“And I still be asking God to show his face / And I still be asking God to show his face” —Chance The Rapper, “Acid Rain”

Ever jolly on 2013’s Acid Rap, seeing Chance The Rapper in a state of demand and desperation is nothing if not rare. Yet on “Acid Rain,” Chance is scorned to the point of nearly uncharacteristic irreverence. The repetition of the bar says it all: Chance The Rapper feels betrayed by God. With so much of Acid Rap quietly dealing with death and dismay, these calls to God have an immense gravity. For them to go unanswered summons an unimaginably bitter sense of abandonment. No wonder Chance delivers these lines in a near whisper, sounding like he has just been kicked in his gut’s gut. Perhaps a younger Chance would have benefitted from the approach of Mac and Hanif. That is, perhaps there is more solace to be found imaging God as desperate as a mortal, or as the finger in the ring. If Acid Rap Chance cannot summon and struggles to believe in God, perhaps it is time he adjusts his expectations.

On that end of the spectrum, then, we have Travis Scott’s “STOP TRYING TO BE GOD.” Between Kid Cudi hums, we get the imperative: “Hmm-hmm (Stop tryna be God) / Hmm-hmm (That's not who you are) / Hmm-hmm (Stop tryna be God) / Hmm-hmm (That's just not your job).” In the same vein as Miller’s declaring “Everybody wanna be God,” Travis' ASTROWORLD standout dabbles in the sense of futility it seems Chance The Rapper is fighting against. His larger point is that no one is invincible, meant to be saved or savior. We simply are—and that is enough.

On “Acid Rain,” Chance rejects the simplicity of being, and rightfully so considering the loss that has marked his coming of age. Consequently, the art of “Acid Rain,” and of “STOP TRYING TO BE GOD,” is not one of mistrust, but one of reality. A reality informed by Mac, but also by the constant permeance and prevalence of tragedy. We have to wonder, and so we do.

“This what God feel like, huh, he-yeah / Laughin' to the bank like, 'A-ha!' Huh, he-yeah” —Kendrick Lamar, “GOD.”

Stepping away from the dramatic for a moment, Kendrick Lamar triggers our questioning gaze by way of parody. Beveled and bubbly to the point of being sardonic, DAMN.'s “GOD.” works because of the grand irony here: God is not typically seen as a prideful and greedy entity and yet these bars roll off the tongue. Thus, Kendrick’s laughter here is twofold. He’s rich and that’s great, sure, but there has to be some self-awareness at play. Kendrick Lamar must be laughing at himself and consequently at the rigid portrayals of spirituality.

Much like Mac Miller’s opening on “Inside Outside,” “GOD.” erupts from a moment of “FEAR.” The track is a moment of overcompensation, wherein the final moments of “FEAR.” feature Kendrick Lamar worried that his faith has been destroyed by his success. As a result, the jockish nature of “GOD.” is his vision of his godless self. Lamar’s interrogation of godliness across these two tracks forces us to question the quality of godliness itself in an ontological fashion. That is, at what point do you stop qualifying as faithful? What is the statute of limitations on belief and the holy, and does God have to abide by the same rules? These are the questions Lamar implants by way of his cartoonish wheezing and ad-libbing.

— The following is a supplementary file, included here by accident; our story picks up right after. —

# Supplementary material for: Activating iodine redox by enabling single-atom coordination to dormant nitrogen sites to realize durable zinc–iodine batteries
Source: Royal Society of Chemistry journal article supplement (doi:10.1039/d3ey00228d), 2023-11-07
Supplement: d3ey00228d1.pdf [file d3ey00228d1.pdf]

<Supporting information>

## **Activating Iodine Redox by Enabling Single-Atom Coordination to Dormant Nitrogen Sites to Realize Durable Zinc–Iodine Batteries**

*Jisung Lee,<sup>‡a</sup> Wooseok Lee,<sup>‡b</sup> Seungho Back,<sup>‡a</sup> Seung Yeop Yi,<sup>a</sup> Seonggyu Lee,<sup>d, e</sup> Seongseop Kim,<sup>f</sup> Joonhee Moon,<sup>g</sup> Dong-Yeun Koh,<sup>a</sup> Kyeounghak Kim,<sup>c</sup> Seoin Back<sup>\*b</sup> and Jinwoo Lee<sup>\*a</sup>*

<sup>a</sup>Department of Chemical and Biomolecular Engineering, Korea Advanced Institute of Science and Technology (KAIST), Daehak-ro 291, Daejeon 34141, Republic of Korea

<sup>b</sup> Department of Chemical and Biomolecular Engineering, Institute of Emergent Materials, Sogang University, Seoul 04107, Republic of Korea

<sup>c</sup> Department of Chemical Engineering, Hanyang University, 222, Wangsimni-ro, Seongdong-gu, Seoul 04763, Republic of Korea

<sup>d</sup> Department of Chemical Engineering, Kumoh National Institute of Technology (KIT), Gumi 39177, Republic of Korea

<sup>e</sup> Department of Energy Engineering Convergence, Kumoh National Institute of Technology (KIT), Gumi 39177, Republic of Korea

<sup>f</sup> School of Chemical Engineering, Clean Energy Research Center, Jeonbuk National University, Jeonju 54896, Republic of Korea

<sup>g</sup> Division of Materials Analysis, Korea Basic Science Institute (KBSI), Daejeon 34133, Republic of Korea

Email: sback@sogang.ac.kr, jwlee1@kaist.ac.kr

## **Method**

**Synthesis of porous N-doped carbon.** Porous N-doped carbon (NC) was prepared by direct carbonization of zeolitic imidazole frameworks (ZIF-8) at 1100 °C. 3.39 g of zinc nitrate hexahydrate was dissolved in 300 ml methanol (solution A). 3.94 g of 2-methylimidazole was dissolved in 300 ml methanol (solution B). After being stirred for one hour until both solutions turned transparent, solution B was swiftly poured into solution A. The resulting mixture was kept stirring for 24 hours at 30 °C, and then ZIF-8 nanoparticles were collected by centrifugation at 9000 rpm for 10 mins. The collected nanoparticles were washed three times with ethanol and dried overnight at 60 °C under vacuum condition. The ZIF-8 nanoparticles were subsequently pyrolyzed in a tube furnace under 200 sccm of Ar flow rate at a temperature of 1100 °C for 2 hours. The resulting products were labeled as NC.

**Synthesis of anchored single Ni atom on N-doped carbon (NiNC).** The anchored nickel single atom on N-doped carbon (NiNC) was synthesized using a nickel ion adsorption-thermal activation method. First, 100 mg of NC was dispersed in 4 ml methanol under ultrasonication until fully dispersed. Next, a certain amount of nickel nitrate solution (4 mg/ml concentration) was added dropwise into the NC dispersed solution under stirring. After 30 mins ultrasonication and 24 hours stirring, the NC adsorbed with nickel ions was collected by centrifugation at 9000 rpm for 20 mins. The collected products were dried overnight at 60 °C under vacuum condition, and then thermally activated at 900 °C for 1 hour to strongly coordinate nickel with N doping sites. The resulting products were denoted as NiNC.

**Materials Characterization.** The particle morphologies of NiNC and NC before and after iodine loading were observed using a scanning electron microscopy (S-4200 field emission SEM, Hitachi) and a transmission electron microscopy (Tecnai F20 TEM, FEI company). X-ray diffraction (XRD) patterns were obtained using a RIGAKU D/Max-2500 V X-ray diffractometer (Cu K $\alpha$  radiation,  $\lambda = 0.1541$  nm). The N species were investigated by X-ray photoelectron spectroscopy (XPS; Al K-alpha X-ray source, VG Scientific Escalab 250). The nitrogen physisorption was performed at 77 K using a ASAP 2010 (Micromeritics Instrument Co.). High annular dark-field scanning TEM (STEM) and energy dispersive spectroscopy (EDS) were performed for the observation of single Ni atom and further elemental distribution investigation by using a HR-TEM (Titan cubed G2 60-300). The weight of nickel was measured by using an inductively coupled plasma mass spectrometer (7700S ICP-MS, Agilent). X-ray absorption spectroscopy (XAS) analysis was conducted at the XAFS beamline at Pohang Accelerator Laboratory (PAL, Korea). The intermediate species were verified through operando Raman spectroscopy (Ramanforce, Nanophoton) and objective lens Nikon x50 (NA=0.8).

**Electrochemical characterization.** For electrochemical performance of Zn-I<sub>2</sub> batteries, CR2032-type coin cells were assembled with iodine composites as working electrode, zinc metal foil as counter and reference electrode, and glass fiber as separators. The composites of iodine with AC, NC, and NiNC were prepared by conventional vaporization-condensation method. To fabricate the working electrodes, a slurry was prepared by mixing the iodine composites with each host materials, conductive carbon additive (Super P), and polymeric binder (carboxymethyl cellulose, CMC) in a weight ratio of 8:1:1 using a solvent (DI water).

“Make my wrong turn right, make my fists turn heaven / May the lord be with me, make me look like reverend / Make me look like regal, Southside abandon / I swear I look so regal, I swear I look so regal” —Noname, “Regal”

Where answers to questions of godliness derive from self, Noname takes heaven into her own hands. For one, “Regal,” found on the Chicago native's newly-released album Room 25, sounds heavenly and ascendant. The arrangement boasts an apt storytelling element, coming in after the trials of “Don’t Forget About Me,” which deal with death, remembrance, and eternity. With that, it’s safe to conclude “Regal” is set in Noname’s rendition of heaven. And though she yearns for a holy presence, there is no startling power differential as was the case with “Acid Rain.” In writing, Noname arrives at her heavenly state with or without God’s presence. Her regality is as natural as her faith, and thus she has found the balance and understanding we have been looking for across these five songs.

And so the art of godliness in hip-hop is an outgrowth of the art of delivering Big Questions in sheep’s clothing. Rather than be ravaged, artists interrogate their belief systems in snapping moments that command our attention but do not shatter us. We are led to larger questions from easy and often wounded statements. Somewhere along the path of challenging our own beliefs, too, we find that faith can be a malleable thing if only to the point of making life bearable. 

Between these five songs is the promise that you can craft a spirituality that brings you peace, and only peace. That’s the artful nature of the rap game.